Reading Eagle – 8 Oct 1936
Occasionally we see a hand which is so well played and so well defended that it gives us extreme pleasure to present it. In today’s hand, which occurred in a recent rubber bridge game, Lewis Bernard, one of Cincinnati’s leading players, defended in the West position. He succeeded in fooling the Declarer by making one of the most spectacular false-card plays we have ever seen.
South, Dealer North-South vulnerable; North-South 40 on score
Mr. Bernard, stoutly defending against the opponents part score, managed at considerable risk to push them to a contract of three spades. His partner, with an almost blank hand, could do nothing. Hence the Declarer was able to place Mr. Bernard with practically all the missing high cards.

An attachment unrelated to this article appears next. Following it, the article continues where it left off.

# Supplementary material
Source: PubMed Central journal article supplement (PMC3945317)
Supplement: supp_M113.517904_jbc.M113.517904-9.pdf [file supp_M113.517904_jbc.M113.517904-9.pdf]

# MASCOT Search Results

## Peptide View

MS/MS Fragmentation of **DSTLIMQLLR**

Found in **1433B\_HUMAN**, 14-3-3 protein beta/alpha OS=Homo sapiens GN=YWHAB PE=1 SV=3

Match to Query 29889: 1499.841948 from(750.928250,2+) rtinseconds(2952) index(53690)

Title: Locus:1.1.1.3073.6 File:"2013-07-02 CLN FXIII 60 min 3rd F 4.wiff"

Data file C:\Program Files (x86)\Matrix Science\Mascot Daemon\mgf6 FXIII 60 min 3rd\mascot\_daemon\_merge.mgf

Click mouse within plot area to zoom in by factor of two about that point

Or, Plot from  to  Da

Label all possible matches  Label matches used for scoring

The Ace of clubs was opened and continued, and Declarer, after winning the second trick, finessed dummy’s ten of hearts, losing to East’s King. A diamond return was won by Declarer’s Ace, and he then played a heart, winning in dummy with the Ace and discarding his last heart on the Queen of clubs. The Jack of hearts was ruffed by Declarer, following which he played the Ace of spades, on which Mr. Bernard not wishing to be thrown in with a trump, dropped the King. Declarer now led a small diamond and Mr. Bernard, after cashing two tricks in that suit, played his fourth club.
Declarer trumped with dummy’s ten, and East, who held two small spades and the 13th heart, suspecting his partner’s false card, dropped one of his small trumps to create the illusion that he held nothing but trumps. Declarer then finessed for the Jack of spades, which Mr. Bernard won to set the contract. Had Mr. Bernard played the Jack of spades on Declarer’s Ace, the contract would have been made, as Declarer would then have played a small spade, putting Mr. Bernard in and forcing him to lead from his King of diamonds.